The Devil's Closet

CHAPTER ONE

Present Day

“We’ve got an Amber Alert!”

I looked up from my desk just in time to see Captain Naomi Kincaid poke her head in my office, inform me of the alert, then turn to rush down the hallway. Head of the major crimes division of the Richland Metropolitan Police Department, nestled within the hills of Mansfield, Ohio, she was my boss and had just given an order. I needed to get to the street immediately. A missing-child alert is one of the most serious situations any law-enforcement officer can, and most likely will, encounter.Growing up in a family of police officers, I never thought to question any order from a commanding officer—something my father, a thirty-five-year veteran of the force, drilled into my head. But when it came to Naomi Kincaid, I had to bite my tongue. My uncles, Mike and Max, and my husband, Eric, were with the department. I’ve known nothing but the life of a police officer since I was a small child—it surrounded me and consumed the lives of my parents. I understood the risks of the life firsthand when my father’s youngest brother, Matt, was shot on the job in the late 1970s. He survived, but he had to leave the force on disability.

I hope the kid is asleep in her basement, and this is all a mistake, I thought as I grabbed the keys to my unmarked detective car and headed out the door. I’m CeeCee Gallagher, a court-certified, expert detective in the areas of juvenile sex crimes and homicides. The few times I’ve responded to an Amber Alert, my adrenaline has gone into overdrive. Any crime involving a child as a victim always turns my stomach. Having two small daughters of my own, I could never imagine worse anguish than that of a parent who fears her child has been brutalized, molested—or worse, murdered.

Jumping into my car and turning on the police radio, I could hear a partial description of the missing child. I grabbed the radio mic and interrupted several other officers talking.

“Seven twenty-seven” (my unit number) “to seven hundred,” (our communications center) “can you re-advise the description of the female?”

They relayed the information immediately. “Affirmative. Child is Hanna Parker, five years old. White female, approximately three feet, six inches tall, with blonde hair, wearing blue-jean shorts, a pink T-shirt with the words Sesame Street on the front, and yellow flip-flops.”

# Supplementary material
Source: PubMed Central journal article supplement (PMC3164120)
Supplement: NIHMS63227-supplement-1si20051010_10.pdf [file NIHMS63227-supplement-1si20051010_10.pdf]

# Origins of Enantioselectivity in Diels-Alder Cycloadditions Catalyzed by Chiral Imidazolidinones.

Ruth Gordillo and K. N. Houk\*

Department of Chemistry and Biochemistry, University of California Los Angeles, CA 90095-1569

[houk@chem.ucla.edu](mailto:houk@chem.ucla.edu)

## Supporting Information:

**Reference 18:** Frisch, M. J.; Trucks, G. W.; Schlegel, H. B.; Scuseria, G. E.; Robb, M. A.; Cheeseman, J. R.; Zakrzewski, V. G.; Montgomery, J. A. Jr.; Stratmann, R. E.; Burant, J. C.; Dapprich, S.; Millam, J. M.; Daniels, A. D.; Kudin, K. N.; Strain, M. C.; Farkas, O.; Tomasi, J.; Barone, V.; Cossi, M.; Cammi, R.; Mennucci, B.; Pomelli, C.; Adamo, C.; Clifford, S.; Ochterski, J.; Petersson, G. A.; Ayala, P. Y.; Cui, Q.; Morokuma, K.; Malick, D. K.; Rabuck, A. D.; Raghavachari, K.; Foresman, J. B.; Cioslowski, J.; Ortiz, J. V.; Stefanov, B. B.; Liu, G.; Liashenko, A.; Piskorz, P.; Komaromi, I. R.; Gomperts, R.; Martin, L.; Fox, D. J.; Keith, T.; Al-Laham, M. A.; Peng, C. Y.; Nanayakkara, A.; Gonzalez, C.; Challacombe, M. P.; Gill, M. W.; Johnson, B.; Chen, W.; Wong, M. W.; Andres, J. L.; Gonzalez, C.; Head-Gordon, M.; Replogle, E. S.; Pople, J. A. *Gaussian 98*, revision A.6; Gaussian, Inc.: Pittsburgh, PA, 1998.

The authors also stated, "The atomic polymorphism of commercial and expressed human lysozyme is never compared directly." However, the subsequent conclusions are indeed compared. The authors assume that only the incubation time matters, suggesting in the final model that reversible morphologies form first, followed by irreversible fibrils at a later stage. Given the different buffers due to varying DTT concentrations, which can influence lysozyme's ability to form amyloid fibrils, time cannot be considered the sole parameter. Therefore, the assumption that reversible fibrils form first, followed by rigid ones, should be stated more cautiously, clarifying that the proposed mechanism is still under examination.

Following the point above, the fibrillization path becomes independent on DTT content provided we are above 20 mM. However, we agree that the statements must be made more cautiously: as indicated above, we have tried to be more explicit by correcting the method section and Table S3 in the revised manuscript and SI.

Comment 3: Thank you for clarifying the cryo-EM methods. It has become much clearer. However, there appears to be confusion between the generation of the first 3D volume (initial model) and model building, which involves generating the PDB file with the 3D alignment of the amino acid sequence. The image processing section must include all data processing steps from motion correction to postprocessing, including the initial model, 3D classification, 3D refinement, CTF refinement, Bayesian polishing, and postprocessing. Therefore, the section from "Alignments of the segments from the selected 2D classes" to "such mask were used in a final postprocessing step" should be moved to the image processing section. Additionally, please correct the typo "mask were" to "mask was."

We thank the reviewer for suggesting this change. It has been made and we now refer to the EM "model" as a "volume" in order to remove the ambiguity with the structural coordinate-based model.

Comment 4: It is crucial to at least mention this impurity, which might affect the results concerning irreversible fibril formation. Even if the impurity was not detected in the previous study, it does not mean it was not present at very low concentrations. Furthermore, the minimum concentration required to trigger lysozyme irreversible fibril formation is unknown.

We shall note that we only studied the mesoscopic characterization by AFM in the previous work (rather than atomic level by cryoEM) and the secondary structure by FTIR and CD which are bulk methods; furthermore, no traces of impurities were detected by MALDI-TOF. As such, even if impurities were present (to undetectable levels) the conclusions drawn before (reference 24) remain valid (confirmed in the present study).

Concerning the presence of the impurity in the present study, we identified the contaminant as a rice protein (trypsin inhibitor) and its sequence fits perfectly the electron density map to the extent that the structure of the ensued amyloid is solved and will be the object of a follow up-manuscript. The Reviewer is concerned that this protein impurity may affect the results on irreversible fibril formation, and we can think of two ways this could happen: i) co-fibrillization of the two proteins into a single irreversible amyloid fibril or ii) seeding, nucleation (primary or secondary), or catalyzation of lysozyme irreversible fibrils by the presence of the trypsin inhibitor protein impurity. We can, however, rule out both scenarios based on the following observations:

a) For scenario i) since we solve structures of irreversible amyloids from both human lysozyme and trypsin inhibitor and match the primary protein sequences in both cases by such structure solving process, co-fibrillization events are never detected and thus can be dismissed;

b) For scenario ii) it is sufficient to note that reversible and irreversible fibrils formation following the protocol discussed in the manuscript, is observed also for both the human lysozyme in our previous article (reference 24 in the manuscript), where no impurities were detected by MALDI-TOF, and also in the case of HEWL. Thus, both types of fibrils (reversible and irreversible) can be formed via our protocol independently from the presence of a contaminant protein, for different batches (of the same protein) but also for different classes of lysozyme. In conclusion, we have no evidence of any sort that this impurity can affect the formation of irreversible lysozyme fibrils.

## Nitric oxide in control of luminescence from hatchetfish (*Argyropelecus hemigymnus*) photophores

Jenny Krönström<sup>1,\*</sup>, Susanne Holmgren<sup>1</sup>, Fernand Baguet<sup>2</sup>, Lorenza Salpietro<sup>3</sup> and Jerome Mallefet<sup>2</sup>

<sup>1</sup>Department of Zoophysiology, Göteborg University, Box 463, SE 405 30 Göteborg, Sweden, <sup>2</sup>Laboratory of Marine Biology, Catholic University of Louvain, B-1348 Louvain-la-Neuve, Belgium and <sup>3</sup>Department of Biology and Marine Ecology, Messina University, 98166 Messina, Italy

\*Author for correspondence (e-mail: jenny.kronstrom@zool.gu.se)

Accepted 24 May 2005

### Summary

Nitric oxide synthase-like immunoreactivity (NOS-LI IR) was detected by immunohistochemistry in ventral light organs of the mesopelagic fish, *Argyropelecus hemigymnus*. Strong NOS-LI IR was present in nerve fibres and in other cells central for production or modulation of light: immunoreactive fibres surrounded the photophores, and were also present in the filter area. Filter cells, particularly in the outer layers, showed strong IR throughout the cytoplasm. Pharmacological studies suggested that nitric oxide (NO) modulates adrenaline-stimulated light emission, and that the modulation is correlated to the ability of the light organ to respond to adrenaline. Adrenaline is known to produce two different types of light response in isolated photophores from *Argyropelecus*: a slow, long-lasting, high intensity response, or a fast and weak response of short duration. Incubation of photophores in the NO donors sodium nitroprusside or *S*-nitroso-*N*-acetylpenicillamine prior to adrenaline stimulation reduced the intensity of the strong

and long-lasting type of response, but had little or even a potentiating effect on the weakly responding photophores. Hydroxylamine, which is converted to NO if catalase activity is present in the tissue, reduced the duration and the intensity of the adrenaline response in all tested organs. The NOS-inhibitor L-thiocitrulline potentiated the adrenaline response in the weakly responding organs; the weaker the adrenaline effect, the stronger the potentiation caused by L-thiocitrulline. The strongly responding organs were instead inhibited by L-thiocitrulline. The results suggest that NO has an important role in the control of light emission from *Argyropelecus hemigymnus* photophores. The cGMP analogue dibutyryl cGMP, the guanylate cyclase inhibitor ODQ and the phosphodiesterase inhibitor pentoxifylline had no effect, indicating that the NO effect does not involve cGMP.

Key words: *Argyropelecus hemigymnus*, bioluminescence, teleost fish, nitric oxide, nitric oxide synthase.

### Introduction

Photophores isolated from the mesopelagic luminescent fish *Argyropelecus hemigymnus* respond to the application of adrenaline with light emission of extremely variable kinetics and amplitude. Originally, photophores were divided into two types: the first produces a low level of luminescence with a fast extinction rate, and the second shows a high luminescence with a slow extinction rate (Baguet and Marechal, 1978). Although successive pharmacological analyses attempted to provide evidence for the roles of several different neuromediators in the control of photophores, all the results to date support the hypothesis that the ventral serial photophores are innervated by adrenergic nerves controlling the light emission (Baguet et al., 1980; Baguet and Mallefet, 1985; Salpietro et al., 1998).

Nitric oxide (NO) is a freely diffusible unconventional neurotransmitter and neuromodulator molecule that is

“Seven hundred, where was the child last seen?”

“The child was last seen approximately thirty minutes ago playing in the front yard of her residence. Location is 1414 Royal Oak Drive. Mother advised she went inside to answer the phone. Child was gone when she returned. No suspects or vehicle descriptions. Do you copy, seven twenty-seven?”

“Copy direct,” I answered. “Has the alert been issued in the media yet?”

“Negative.”

I wasn’t surprised. Although the Amber Alert was a good idea, it still had many glitches; specifically, the amount of time it takes to announce it to the public. We had to immediately determine it was an actual abduction, which was sometimes difficult and took time. Since there were no witnesses or suspects in the Hanna Parker disappearance, there was also the possibility that she simply wandered off. Regardless, we were to treat it as suspicious until we were proven wrong.

I tried not to panic over the current alert. The incident occurred on Royal Oak Drive in Royal Oak Estates. A wealthy, private allotment, their “major” crimes ordinarily consisted of arguments over property lines and cats in trees.

Turning into the allotment, I called our sex-offender registration clerk. I asked her to find the addresses of all the